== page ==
December 4, 2023 11:37 am

Opinion

Rick Haglund: Michigan’s State Budget Is Flush with Cash. Is It Sustainable? | Opinion

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by Rick Haglund, Michigan Advance

For decades, sluggish tax revenue and difficult funding decisions defined Michigan’s state government budgeting process.

Yes, total revenue went up every year. But it wasn’t nearly enough to keep up with inflation and address growing spending needs for roads, education, payments to local governments and other responsibilities of state government.

Oddly enough, the COVID pandemic changed all that. And to the surprise of many experts, healthy tax revenue growth has continued even after massive federal stimulus payments to individuals and businesses have largely ended.

Projections for combined general fund and school aid fund revenue jumped from $24.9 billion in January 2020, two months before COVID largely shuttered the economy, to an estimated $32.4 billion this year, a stunning 30% bounce.

There’s so much money flowing into the state Treasury that Michigan has an estimated $9.2 billion budget surplus

But policymakers should use this time to craft a long-term budget strategy ensuring Michigan’s long-term fiscal health and economic vibrancy. History dictates that this unprecedented revenue growth is unlikely to last. Getty Images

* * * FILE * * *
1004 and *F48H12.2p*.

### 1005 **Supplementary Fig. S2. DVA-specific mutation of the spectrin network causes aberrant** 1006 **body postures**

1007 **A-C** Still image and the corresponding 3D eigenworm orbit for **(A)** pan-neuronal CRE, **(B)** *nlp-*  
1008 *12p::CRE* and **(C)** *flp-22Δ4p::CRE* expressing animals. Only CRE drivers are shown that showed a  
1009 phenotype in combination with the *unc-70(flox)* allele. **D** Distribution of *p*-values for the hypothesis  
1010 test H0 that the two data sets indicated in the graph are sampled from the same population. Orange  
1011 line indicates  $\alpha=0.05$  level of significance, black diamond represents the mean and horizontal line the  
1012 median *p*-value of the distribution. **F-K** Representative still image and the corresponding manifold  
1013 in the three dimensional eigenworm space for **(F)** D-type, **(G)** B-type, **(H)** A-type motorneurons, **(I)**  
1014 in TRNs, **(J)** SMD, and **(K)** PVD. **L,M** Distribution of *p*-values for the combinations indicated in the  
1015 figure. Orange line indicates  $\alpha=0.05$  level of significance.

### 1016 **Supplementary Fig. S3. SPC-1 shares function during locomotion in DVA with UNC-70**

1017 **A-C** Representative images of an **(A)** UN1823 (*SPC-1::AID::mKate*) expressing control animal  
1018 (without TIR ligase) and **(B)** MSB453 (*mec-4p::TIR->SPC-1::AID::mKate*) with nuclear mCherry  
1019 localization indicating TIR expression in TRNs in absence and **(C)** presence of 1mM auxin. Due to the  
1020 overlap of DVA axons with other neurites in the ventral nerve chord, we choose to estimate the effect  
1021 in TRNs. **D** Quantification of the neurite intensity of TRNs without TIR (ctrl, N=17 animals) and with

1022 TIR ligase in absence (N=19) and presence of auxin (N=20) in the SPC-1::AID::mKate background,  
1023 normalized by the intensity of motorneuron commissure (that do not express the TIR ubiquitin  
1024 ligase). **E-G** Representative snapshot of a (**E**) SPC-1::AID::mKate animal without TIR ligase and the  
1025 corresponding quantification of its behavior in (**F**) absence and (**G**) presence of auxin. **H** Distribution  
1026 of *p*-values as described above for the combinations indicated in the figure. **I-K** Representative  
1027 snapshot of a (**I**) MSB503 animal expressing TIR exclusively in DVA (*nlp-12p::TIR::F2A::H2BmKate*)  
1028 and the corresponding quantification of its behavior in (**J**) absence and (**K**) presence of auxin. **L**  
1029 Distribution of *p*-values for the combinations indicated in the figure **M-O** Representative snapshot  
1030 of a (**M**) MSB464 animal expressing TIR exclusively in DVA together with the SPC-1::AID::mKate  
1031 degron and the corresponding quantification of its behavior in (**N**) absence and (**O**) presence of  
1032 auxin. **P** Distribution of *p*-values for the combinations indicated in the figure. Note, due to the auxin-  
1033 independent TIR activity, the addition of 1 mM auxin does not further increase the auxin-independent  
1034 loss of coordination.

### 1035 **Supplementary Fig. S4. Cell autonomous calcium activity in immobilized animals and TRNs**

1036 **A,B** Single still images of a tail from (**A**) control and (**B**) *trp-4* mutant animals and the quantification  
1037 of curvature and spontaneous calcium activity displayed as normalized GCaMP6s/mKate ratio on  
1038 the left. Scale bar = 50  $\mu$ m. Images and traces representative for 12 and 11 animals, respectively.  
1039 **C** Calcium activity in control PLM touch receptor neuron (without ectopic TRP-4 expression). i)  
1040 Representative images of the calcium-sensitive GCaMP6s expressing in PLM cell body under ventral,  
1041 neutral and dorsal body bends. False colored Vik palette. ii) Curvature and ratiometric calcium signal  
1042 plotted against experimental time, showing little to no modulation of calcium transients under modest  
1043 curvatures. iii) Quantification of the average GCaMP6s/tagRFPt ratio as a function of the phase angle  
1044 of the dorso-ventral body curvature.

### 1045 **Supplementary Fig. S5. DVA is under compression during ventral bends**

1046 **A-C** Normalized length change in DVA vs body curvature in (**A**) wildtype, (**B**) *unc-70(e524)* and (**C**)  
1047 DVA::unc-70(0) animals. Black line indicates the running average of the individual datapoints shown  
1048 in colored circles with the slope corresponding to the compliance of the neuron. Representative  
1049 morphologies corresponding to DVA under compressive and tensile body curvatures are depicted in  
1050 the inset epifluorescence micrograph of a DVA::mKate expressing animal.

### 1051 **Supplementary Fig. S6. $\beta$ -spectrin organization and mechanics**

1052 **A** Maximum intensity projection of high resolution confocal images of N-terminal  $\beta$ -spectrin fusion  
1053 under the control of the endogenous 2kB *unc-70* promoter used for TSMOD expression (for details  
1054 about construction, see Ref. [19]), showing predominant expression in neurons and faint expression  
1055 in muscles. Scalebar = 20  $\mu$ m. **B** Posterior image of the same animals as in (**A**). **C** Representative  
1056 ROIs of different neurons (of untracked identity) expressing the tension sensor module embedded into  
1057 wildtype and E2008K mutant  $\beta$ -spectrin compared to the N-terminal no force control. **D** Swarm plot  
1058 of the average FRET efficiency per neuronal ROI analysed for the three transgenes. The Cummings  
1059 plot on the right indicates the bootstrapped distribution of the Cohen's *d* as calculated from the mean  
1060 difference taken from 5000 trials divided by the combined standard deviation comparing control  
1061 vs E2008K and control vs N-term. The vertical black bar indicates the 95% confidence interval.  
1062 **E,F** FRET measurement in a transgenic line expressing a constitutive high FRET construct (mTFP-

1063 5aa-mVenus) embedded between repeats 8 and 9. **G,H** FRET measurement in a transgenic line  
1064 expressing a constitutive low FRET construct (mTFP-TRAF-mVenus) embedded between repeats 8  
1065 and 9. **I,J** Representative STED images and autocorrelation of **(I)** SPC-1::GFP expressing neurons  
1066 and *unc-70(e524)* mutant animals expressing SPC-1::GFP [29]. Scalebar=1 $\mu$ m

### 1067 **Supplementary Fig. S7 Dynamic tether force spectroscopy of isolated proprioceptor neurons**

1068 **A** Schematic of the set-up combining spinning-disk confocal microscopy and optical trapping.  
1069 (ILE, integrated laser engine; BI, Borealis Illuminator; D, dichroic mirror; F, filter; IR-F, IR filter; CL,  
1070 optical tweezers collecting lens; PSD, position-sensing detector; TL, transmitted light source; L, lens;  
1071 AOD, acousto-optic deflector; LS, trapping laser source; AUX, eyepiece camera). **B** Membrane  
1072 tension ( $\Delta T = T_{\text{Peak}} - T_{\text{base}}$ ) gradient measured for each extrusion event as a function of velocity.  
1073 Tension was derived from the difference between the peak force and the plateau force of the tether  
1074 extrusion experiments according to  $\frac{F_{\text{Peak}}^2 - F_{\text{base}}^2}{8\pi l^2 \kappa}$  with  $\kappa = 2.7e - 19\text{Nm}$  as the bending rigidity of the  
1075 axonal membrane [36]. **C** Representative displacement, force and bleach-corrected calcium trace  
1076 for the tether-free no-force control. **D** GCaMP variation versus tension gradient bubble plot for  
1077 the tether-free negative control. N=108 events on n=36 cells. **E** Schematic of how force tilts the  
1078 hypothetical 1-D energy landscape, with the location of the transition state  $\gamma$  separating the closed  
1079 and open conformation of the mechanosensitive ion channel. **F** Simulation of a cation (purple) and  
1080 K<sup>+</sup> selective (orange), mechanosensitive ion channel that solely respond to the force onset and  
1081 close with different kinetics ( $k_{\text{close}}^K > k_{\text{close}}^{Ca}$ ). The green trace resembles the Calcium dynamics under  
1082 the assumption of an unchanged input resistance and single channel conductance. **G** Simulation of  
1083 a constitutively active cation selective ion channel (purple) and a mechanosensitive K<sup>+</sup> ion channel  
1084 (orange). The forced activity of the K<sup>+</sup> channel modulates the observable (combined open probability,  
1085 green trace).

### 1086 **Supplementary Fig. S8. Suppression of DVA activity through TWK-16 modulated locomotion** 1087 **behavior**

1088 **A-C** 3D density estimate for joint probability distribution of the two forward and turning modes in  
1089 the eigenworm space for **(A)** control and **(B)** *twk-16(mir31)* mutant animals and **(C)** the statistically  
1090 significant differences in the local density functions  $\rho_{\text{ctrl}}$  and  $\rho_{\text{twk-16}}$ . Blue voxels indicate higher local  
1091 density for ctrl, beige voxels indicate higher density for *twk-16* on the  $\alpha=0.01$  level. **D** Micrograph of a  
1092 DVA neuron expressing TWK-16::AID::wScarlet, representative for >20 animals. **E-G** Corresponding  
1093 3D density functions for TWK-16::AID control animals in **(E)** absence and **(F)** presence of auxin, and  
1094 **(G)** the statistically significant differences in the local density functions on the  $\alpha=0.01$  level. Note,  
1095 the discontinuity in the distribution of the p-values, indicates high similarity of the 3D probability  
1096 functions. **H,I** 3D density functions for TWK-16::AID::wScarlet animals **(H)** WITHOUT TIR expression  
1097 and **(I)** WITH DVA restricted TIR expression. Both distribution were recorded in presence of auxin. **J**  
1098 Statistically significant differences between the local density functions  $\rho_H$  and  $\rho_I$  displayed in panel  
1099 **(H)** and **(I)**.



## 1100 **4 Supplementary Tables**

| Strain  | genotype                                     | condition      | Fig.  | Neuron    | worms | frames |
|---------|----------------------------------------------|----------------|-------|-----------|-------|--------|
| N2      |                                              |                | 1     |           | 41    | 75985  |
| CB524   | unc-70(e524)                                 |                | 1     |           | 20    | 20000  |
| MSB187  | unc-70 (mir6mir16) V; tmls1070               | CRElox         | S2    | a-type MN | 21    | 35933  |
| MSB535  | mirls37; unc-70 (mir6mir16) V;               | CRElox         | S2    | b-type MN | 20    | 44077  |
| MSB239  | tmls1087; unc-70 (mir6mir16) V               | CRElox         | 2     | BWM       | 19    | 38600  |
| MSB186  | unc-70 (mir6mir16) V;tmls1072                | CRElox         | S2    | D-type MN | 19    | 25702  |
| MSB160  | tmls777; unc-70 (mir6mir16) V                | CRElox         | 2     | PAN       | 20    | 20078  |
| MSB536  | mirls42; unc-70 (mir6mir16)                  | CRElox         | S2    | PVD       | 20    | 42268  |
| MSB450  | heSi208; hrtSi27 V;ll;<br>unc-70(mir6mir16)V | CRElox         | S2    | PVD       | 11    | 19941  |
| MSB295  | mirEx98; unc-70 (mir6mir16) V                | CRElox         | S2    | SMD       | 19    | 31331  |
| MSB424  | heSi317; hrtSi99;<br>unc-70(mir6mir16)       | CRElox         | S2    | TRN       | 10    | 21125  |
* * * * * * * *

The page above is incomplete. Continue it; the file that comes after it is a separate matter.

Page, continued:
How did we get here?

Many feared workplace shutdowns ordered in the early days of the pandemic in 2020 would decimate state revenues. Instead, the opposite happened.

Consumers stuck at home shifted purchases away from services exempt from sales tax to taxable goods. And federal stimulus payments boosted spending power.

A 2018 Supreme Court decision that allowed states to collect sales taxes from online sellers, even if the seller had no presence in the state, also buoyed sales tax revenues as home-bound consumers shopped online.

“That changed the game,” said Jonathan Brignall, assistant professor of accounting and taxation at Grand Valley State University.

Even high unemployment in the early months of the pandemic benefitted state coffers because jobless benefits are subject to the state income tax.

“It’s pretty amazing that there is so much more revenue than we were predicting not too long ago,” said Bob Schneider, senior research associate at the Michigan Citizens Research Council in a recent analysis of Gov. Gretchen Whitmer’s proposed Fiscal Year 2024 budget. “We thought the sky was falling at the start of the pandemic.”

Unexpectedly high personal income and sales tax revenue have kept the surge going, University of Michigan economists said in a November forecast. That’s despite employment in the state still being below pre-pandemic levels.

State personal income this year of $612.9 billion is expected to be 15.2% above 2019 income of $532.2 billion, according to a Michigan State University projection. 

Even the highest inflation in 40 years hasn’t stopped consumers from spending on taxable goods, translating into higher state sales tax collections.

“When prices rise on taxable consumer goods, not to mention gasoline, sales tax revenue comes along for the ride,” U of M economists wrote.